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There's Plenty of Stinkers in the Animal Kingdom

Updated: Jul 1, 2021

When it comes to animals that produce a bad smell, a certain black-and-white critter immediately comes to mind. However, skunks aren't the only stinkers in the animal kingdom.

Skunks aren't the only stinker in the animal kingdom. (Photo via Shutterstock)

In fact, some entire families of animals can produce bad-smelling secretions. Take the mustelid family of mammals, which includes minks, weasels, otters and badgers. All mustelids have scent glands that can emit secretions with a foul odor.

Different mustelid animals use their secretions for different purposes. Some use them to mark their territory, while others use them as skunks do — as a defense to protect them from predators.

Some animals are even named for their odor-producing ability. Muskrats got their common name because of the musky smell they produce during mating season to mark their territories. Similarly, musk oxen are named for the musky odor that males produce to attract females during mating season.


Words to know

Incapacitated: Incapable of functioning normally

Noxious: unpleasant or harmful


You might know that opossums sometimes play dead to keep predators away. But their playing-dead routine has a stinky component too. While playing dead, opossums also defecate a smelly green mucous to convince predators they are dead.

Bombardier beetles probably come closest to skunks in matching their method of defense. The beetles, of which there are more than 500 species in the world, may even one-up skunks. They can spray a bad-smelling, burning-hot liquid at potential predators. The liquid is so dangerous that the components are stored separately in the beetles’ bodies until they spray it so the beetles themselves aren't harmed by it. When sprayed, predators of the beetles are painfully incapacitated, but it is only temporary.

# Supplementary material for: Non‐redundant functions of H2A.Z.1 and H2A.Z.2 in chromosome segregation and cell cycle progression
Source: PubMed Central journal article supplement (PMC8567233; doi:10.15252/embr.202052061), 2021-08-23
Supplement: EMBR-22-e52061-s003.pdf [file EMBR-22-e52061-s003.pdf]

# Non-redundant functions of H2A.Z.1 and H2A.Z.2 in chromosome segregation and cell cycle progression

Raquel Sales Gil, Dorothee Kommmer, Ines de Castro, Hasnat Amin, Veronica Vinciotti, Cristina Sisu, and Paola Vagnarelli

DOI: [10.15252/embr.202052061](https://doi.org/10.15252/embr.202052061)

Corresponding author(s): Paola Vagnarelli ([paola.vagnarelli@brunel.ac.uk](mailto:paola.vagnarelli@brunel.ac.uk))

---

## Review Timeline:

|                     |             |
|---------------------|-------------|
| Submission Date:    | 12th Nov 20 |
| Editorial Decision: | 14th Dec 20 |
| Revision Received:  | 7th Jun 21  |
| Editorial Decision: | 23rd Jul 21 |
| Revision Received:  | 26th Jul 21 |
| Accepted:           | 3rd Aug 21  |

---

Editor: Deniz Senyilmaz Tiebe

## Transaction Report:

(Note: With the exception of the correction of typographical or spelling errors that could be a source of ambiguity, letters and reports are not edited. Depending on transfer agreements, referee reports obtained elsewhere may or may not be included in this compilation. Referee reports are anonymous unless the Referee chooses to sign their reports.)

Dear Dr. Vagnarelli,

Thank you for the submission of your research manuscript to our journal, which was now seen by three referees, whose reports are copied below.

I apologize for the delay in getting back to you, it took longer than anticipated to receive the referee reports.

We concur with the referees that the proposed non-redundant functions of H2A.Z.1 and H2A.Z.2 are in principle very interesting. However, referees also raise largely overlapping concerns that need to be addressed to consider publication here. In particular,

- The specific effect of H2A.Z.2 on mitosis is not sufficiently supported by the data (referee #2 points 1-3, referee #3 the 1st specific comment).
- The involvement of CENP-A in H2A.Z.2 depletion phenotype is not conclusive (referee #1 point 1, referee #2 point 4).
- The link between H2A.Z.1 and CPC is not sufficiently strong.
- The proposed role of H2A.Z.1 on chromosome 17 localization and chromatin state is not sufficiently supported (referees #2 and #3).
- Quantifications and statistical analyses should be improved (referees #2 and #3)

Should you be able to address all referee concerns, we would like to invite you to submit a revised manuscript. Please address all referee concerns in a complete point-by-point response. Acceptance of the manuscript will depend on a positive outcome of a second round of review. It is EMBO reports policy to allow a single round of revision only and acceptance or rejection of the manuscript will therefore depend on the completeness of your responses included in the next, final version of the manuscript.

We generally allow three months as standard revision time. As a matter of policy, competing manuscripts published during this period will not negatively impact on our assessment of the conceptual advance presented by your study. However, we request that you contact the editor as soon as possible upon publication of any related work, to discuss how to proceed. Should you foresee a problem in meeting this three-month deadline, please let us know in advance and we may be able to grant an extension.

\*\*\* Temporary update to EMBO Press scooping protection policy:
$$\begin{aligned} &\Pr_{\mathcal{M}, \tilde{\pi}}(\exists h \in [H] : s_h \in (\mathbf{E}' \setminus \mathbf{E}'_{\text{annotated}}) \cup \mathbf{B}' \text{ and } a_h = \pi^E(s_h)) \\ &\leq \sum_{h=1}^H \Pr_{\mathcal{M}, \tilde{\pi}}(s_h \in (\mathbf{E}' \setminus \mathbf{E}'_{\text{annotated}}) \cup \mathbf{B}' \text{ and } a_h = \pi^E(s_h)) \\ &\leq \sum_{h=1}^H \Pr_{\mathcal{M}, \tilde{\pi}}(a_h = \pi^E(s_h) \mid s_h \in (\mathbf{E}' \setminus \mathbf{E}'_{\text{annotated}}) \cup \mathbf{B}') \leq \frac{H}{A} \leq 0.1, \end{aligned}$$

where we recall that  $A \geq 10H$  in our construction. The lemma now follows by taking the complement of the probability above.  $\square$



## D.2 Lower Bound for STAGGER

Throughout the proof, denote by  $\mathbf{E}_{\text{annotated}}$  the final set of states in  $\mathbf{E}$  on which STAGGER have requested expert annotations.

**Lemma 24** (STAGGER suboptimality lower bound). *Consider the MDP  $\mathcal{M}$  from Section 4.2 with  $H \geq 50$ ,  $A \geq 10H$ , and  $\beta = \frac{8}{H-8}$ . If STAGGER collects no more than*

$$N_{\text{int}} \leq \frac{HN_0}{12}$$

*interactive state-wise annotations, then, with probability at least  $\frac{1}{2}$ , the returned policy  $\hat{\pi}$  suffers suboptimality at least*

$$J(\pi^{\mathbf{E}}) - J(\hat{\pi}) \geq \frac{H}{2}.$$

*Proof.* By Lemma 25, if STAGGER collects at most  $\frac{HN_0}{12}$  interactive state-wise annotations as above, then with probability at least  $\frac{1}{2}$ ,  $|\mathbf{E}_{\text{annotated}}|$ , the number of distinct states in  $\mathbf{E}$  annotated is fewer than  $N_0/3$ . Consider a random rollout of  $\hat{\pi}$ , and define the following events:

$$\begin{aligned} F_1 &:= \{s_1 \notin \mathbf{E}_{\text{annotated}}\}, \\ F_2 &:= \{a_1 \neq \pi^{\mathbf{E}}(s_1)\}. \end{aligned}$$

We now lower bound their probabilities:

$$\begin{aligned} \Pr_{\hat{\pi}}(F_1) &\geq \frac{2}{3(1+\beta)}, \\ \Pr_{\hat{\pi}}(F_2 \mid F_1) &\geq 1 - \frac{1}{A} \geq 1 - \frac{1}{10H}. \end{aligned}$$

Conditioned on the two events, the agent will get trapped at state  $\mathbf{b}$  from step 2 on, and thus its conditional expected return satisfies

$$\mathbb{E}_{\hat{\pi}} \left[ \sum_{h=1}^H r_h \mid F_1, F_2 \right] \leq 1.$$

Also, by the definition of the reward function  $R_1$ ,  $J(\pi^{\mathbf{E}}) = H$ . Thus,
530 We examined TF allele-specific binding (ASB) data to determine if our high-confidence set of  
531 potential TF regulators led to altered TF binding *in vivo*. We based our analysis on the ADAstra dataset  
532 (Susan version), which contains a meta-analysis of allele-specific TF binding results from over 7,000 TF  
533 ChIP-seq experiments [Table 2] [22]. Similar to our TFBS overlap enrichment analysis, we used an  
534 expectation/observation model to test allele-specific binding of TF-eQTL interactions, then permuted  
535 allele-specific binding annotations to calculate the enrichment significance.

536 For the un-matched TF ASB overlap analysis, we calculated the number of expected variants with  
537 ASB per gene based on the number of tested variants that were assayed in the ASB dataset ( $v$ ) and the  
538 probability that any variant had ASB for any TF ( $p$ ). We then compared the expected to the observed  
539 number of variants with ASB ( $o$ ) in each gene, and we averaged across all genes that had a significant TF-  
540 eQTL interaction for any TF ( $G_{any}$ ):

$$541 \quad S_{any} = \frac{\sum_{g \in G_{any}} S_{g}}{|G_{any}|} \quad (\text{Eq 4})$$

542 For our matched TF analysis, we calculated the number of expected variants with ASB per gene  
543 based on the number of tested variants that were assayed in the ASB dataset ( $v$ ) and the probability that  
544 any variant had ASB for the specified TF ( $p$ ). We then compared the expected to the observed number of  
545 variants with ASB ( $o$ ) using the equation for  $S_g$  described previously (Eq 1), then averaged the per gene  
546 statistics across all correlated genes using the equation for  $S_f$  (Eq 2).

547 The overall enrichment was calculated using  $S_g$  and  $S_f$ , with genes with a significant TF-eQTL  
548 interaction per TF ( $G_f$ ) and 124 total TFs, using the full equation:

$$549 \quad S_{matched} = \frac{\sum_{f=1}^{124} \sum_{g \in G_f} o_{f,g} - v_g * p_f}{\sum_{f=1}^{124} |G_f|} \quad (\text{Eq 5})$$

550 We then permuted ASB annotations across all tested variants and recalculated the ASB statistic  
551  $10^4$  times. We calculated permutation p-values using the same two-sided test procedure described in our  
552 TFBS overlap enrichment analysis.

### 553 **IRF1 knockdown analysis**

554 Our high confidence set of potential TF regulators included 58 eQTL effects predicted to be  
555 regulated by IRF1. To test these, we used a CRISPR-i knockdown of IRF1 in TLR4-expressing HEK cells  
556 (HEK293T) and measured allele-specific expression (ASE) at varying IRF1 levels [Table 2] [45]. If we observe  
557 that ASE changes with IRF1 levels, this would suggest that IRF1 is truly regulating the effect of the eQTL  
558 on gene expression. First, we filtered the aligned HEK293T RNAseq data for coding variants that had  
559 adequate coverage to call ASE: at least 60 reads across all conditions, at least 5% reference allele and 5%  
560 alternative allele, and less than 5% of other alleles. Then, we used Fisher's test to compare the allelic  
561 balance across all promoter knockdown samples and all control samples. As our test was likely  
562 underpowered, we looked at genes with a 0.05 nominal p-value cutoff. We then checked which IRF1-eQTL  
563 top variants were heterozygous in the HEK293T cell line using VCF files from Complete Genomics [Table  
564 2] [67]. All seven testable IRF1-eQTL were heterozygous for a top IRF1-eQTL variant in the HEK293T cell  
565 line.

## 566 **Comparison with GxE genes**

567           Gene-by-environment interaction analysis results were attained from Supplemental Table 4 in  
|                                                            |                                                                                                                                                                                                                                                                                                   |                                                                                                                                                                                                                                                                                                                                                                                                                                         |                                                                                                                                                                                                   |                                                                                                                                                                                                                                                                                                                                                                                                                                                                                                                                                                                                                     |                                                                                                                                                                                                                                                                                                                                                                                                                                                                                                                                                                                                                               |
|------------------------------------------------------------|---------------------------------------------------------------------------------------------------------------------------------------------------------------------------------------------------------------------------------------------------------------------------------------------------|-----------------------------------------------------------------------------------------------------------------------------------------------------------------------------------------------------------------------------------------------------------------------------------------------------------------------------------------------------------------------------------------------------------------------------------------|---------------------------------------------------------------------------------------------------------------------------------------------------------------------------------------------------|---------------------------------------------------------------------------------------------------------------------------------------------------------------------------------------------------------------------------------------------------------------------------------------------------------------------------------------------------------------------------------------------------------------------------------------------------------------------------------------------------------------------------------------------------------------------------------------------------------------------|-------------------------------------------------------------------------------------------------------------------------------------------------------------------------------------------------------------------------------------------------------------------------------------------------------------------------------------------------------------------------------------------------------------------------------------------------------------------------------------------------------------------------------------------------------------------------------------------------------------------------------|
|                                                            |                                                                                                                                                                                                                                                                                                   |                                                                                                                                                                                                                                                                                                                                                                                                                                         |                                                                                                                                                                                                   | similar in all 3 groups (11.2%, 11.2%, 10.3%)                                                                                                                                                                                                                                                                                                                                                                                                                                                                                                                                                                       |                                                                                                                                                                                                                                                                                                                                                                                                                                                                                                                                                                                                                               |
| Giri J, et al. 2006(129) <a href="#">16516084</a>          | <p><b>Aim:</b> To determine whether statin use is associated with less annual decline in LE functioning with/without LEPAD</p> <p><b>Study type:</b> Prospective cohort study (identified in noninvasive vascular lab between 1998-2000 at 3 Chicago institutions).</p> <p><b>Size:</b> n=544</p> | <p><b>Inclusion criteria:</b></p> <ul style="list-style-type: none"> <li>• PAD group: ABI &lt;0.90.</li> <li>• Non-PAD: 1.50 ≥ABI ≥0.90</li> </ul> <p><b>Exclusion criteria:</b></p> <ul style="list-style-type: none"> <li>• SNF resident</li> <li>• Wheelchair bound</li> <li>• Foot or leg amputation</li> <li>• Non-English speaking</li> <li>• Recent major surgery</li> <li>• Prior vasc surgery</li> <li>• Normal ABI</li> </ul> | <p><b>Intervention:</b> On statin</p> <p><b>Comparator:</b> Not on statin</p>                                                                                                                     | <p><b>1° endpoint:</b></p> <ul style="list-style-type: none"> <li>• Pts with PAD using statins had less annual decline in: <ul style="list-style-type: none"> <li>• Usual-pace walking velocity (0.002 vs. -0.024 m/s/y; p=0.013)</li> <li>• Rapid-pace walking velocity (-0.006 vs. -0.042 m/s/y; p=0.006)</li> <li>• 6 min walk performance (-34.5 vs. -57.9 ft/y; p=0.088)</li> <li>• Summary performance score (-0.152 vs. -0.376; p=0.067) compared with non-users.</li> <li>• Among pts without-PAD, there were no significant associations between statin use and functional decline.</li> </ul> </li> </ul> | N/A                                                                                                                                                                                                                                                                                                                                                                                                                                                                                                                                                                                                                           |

The appropriately named stink bug is another insect that uses smell as a means of defense. They unleash an unpleasant-smelling odor when they are disturbed or stepped on. A lesser-known stinking insect is the millipede, which, like a stink bug, will release a bad-smelling secretion if disturbed or stepped on. These creatures, which sometimes make their way into homes, don't bite or harm humans in any way, but you may notice an unpleasant odor on your hands if you handle one.

A few bird species deploy a similar defense mechanism like skunks, but with a twist. Vultures, including turkey vultures, will vomit when they feel threatened. And because vultures primarily eat dead animals, the smell of their vomit usually has the intended effect of keeping predators away.

Vultures, though, have nothing on the hoatzin, a South American bird that smells like cow manure. Hoatzins, which are called stink birds, eat mostly leaves, and they are the only bird known to digest by fermentation, just like cows do. This fermentation process is what causes the unwelcome smell.

Still, though, even with so many stinky animals around, it's the skunk that takes top prize. Their famous means of defense is effective both because of the odor, which is the result of an active ingredient called n-butyl mercaptan, and because of how they deploy it. Skunks can send their noxious spray up to 15 feet, and they have enough of the substance that they can discharge it up to five times consecutively.

Skunks move slowly, which is why their defense mechanism is so important. If you encounter a skunk, you should stand still or back away from it slowly. Skunks give off a warning before they spray by arching their backs, raising their tails, stamping their feet and turning their backs toward the threat to prepare to spray if needed.


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